Issuers, of course, keep all financial charges and fees such as annual fees, cash advance fees or late fees. Besides, issuers can generate revenue from interchange fees. In every transaction, a merchant bank which works with a merchant has to pay an issuing bank which issues a credit card to the consumer who shops at the merchant a small fee for accepting credit cards as payment. Payment networks like Visa or Mastercard act as a middle man between a merchant bank and an issuing bank, and decide how big the fee, which is called interchange, should be. What I just describe is a gross simplification of what transpires behind the scenes in a couple of seconds or less in a transaction. There is a lot more to it. Essentially, for the sake of simplicity, just imagine that for every transaction, an issue bank receives 2% of the transaction volume in interchange fees. So if an issuing bank handles $1bn in transaction a month, that bank will get $20 million in interchange fees. Lastly, as mentioned above, issuers can also leverage partners in terms of acquisition costs.

IssuersPartner Brands
Responsibilities– Service accounts and handle regulatory compliance
– Bear risks of charge-off
– Compensation to partners 
– Additional rewards expenses as selling points to consumers
– Assistance in acquiring new accounts
Benefits– Financial charges and fees
– Interchange fees
– Marketing leverage from partners’ outreach
– Deepen relationships with customers
– Compensation from issuers
Table 1

Apple Card

Apple Card is an Apple-branded credit card issued by Goldman Sachs. You can only apply for an Apple Card via your wallet app on Apple-produced devices such as iPhone or iPads. The Card is so synonymous with Apple that you can barely hear about Goldman Sachs.

Apple reportedly will offer monthly payment plans for iPads and ...
Source: The Verge

Apple Pay’s selling points include:

  • No fees
  • Simple application process
  • Premium look and feel
  • Unlimited 2% cash back when you pay with Apple Card using your Apple Watch or iPhone
  • 3% cash back from select merchants such as Uber, T-Mobile, Nike, Walgreens, Duanereade and of course, Apple itself
  • Security as each transaction must be verified either by Touch or Face ID
  • Apple and Goldman Sachs promise not to sell consumer data with a 3rd party for marketing purposes

What’s in it for Apple and Goldman Sachs in launching this Apple Card?

Goldman Sachs isn’t know for consumer banking. It’s known for its investment banking business. Apple Card is the first attempt at consumer banking from the renowned company. As the issuer, Goldman Sachs (GS) will have to deal with all regulatory and security challenges while bearing the risk of charge-off. They will also take part in servicing accounts, but the work is shared with Apple as Apple Customer Service agents handle upfront communication with users. Since Apple Card has no fees whatsoever, what GS can benefit from this collaboration, I allege, include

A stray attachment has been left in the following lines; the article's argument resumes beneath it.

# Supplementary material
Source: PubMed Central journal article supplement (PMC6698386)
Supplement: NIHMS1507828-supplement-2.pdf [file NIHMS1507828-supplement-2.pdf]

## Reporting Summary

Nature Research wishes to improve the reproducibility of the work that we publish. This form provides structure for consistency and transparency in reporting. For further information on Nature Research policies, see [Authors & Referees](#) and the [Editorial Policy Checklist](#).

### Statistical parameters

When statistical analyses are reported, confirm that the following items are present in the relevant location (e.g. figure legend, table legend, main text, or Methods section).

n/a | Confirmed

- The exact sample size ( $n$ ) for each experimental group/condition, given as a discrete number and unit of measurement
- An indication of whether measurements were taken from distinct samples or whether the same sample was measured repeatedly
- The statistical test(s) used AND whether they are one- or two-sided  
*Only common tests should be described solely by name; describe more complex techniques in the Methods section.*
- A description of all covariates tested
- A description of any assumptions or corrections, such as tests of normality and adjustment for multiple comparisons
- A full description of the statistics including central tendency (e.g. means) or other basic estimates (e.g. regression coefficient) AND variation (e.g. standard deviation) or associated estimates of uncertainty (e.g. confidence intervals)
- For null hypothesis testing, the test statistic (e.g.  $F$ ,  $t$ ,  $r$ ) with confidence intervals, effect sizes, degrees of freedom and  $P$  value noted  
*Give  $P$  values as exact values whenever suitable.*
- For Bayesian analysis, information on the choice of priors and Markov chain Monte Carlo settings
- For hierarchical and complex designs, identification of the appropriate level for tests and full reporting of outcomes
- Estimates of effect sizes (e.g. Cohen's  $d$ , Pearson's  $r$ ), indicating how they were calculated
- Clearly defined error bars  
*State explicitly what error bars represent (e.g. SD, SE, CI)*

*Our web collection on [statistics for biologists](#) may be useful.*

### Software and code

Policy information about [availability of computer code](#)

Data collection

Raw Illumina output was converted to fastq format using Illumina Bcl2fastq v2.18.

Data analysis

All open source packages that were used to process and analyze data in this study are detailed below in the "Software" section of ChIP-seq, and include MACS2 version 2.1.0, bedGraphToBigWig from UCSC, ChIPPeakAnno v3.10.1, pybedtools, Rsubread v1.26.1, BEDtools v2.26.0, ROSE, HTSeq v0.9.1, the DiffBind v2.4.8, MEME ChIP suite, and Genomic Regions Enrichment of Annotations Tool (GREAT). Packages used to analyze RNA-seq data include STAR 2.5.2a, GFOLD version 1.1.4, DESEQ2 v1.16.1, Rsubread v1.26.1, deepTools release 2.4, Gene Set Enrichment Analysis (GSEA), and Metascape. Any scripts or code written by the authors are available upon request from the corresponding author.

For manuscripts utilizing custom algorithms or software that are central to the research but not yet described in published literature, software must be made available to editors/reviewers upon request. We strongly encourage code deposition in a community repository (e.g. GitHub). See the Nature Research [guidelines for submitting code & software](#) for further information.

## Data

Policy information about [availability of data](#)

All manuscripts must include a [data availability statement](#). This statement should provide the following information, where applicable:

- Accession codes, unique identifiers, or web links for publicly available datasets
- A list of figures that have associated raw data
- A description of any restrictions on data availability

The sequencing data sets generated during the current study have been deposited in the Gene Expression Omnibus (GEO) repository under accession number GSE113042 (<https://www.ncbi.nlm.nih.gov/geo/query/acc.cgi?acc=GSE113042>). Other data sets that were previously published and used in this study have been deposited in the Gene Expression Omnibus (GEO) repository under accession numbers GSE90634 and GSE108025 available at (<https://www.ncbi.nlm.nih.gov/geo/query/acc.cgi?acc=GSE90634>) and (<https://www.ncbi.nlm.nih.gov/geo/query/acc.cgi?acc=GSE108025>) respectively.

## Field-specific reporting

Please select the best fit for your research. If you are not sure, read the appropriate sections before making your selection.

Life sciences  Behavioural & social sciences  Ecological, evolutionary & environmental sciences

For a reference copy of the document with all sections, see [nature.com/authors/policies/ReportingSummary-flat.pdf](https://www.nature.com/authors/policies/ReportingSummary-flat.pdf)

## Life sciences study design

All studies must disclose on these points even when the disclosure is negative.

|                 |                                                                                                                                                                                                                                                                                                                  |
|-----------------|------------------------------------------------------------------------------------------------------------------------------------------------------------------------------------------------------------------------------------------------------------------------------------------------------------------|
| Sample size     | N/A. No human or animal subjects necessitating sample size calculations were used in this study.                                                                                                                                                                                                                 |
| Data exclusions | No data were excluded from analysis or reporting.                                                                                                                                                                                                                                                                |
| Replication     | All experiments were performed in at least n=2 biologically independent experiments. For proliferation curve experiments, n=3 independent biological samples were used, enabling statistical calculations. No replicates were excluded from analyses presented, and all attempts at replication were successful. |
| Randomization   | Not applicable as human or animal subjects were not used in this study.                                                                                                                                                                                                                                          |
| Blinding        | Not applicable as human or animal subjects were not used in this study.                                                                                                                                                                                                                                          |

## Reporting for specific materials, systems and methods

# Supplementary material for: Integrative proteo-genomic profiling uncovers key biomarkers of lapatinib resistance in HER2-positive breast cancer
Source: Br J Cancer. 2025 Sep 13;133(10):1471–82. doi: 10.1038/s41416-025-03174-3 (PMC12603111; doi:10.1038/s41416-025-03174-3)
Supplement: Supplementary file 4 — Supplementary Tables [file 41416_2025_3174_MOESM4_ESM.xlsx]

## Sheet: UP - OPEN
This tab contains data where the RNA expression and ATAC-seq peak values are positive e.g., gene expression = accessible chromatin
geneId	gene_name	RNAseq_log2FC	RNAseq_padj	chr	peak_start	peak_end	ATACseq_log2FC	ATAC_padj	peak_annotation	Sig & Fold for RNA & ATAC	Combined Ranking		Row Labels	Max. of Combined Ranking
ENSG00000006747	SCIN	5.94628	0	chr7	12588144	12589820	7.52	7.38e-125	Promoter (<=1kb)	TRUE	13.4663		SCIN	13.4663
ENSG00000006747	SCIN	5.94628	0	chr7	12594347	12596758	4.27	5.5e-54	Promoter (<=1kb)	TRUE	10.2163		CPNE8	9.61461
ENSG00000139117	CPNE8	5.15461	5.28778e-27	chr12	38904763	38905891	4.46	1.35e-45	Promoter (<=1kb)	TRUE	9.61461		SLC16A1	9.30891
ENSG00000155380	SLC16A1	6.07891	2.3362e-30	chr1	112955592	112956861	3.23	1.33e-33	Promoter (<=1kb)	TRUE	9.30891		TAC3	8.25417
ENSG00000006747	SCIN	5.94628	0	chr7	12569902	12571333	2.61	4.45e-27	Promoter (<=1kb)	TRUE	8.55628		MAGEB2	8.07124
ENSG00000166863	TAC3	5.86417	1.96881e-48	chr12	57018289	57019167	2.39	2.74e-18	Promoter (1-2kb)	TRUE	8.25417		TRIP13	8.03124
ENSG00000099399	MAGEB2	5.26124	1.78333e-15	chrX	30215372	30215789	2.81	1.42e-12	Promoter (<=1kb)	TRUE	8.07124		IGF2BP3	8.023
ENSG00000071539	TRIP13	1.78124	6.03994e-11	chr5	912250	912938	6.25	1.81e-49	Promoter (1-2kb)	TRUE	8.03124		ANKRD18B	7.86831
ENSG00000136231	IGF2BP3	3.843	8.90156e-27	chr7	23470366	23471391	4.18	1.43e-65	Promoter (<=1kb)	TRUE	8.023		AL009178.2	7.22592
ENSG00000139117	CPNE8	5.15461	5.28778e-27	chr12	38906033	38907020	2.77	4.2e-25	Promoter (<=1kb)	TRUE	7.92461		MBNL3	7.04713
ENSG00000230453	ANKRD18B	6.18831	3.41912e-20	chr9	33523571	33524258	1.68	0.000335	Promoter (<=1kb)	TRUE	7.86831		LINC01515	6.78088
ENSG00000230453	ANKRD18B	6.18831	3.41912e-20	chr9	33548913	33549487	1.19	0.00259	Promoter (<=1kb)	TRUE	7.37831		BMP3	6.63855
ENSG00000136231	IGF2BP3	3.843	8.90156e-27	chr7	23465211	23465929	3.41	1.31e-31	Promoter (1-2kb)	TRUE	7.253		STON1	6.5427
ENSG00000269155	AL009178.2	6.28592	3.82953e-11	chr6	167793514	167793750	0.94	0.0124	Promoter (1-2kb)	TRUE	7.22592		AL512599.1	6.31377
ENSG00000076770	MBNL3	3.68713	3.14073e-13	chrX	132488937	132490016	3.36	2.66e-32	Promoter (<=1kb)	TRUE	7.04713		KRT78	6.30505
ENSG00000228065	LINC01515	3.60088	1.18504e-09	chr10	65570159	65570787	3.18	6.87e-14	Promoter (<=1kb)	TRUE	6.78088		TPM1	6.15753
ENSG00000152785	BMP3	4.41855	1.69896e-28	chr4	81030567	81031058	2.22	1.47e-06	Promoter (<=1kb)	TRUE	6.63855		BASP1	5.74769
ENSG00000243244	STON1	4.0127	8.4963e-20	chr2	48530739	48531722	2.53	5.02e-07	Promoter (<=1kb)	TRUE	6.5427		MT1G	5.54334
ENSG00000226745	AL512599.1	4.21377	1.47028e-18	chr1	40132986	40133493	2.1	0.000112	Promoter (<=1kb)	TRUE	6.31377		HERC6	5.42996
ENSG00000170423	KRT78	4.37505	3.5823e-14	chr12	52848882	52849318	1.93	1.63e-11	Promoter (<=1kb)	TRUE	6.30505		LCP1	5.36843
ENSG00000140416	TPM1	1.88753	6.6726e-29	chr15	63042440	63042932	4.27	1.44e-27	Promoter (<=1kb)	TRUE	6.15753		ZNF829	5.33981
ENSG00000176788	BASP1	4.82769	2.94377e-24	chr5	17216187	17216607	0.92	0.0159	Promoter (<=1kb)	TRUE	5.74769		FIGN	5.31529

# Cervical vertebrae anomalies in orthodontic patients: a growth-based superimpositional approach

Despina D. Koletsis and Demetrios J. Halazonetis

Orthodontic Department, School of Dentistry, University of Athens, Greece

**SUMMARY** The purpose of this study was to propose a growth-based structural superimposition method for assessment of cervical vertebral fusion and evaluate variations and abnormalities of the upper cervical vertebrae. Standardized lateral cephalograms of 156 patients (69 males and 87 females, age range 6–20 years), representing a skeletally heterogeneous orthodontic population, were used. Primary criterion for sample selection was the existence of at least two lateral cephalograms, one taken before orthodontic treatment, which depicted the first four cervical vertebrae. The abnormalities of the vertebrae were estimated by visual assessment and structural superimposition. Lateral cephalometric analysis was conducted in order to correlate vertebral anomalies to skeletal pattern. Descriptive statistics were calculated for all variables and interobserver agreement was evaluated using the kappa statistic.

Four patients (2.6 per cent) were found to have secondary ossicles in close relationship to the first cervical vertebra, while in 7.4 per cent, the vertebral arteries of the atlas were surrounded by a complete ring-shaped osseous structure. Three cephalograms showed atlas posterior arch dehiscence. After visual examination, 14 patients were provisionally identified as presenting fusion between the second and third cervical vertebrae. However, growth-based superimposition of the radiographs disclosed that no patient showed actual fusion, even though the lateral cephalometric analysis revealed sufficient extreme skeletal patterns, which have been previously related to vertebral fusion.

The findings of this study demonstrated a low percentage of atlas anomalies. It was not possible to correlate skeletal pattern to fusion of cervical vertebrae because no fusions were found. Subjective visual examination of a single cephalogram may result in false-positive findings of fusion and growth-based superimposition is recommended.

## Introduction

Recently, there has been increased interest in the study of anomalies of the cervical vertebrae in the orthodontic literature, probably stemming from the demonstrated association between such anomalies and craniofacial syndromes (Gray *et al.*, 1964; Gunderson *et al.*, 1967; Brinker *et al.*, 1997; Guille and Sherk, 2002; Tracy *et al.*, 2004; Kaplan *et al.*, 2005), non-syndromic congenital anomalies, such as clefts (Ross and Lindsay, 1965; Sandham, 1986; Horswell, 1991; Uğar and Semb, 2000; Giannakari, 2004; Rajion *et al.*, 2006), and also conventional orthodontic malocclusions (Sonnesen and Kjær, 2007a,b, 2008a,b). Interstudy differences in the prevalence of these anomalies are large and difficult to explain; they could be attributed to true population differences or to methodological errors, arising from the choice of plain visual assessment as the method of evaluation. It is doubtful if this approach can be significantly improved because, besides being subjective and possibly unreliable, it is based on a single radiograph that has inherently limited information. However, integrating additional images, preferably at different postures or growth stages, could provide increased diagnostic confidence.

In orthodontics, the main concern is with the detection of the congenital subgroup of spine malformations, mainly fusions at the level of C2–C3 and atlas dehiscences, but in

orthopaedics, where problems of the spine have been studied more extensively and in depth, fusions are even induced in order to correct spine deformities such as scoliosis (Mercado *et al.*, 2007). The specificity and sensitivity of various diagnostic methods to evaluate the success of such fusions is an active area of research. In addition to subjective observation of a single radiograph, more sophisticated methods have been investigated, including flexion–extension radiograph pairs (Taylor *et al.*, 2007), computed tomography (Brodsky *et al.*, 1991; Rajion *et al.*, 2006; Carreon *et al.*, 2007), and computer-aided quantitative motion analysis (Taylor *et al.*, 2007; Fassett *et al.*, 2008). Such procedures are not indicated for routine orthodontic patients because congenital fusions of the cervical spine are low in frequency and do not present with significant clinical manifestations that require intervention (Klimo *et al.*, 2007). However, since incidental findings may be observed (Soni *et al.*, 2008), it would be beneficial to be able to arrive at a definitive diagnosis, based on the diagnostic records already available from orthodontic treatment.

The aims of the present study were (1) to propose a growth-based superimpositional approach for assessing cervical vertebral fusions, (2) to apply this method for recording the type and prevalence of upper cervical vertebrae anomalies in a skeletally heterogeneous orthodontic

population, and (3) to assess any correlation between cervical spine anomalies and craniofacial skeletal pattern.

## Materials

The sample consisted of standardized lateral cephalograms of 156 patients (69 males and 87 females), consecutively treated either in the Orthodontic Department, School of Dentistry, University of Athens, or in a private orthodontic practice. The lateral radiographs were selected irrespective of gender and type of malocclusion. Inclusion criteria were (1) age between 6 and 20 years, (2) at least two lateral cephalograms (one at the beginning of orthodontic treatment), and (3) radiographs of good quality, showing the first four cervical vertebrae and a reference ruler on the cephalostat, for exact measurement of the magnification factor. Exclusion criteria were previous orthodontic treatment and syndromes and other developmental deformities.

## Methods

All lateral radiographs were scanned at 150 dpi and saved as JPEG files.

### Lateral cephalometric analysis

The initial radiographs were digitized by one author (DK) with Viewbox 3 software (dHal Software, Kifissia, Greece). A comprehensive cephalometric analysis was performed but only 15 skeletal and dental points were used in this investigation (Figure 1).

• Interchange fees
  • Insane marketing power from Apple and its global footprint in the form of millions of installed iphones
  • I imagine that if this collaboration succeeds, GS will want to sign more partners to achieve economies of scale, leveraging what they learn from operating Apple Card

Apple allegedly wants to launch Apple Card for two reasons: 1) to deepen relationship with users, to motivate them to buy their hardware more 2) to generate more service revenue. As a technology partner, I don’t imagine Apple will have to deal with fraud, regulatory or security concern. In exchange, Apple provides marketing outreach and technical assistance in incorporating Apple Card into its ecosystem. Additionally, from what I read, customers who need technical assistance will reach out to Apple Customer Service agents. Hence, that’s also what Apple brings to the table. Also, the company may allegedly be responsible for Apple-only rewards and interest free payment plans when customers buy Apple products. In terms of rewards with 3rd parties such as Nike or Uber, I can’t find any relevant information. If I have to guess, my money will be on Apple taking the bill for extra rewards as well.

Goldman SachsApple
Responsibilities– Service accounts and handle regulatory compliance
– Bear risks of charge-off
– Compensation to partners 
– Market Apple Card to users 
– Offer technology to make the card work with Apple Pay and its devices
– Help service accounts 3% cash back on Apple products and services
– Interest-free payment plan for customers when buying Apple products
Benefits– Interchange fees
– Leverage marketing power from Apple and its footprint
– Deepen relationships with customers
– Compensation from Goldman Sachs
Table 2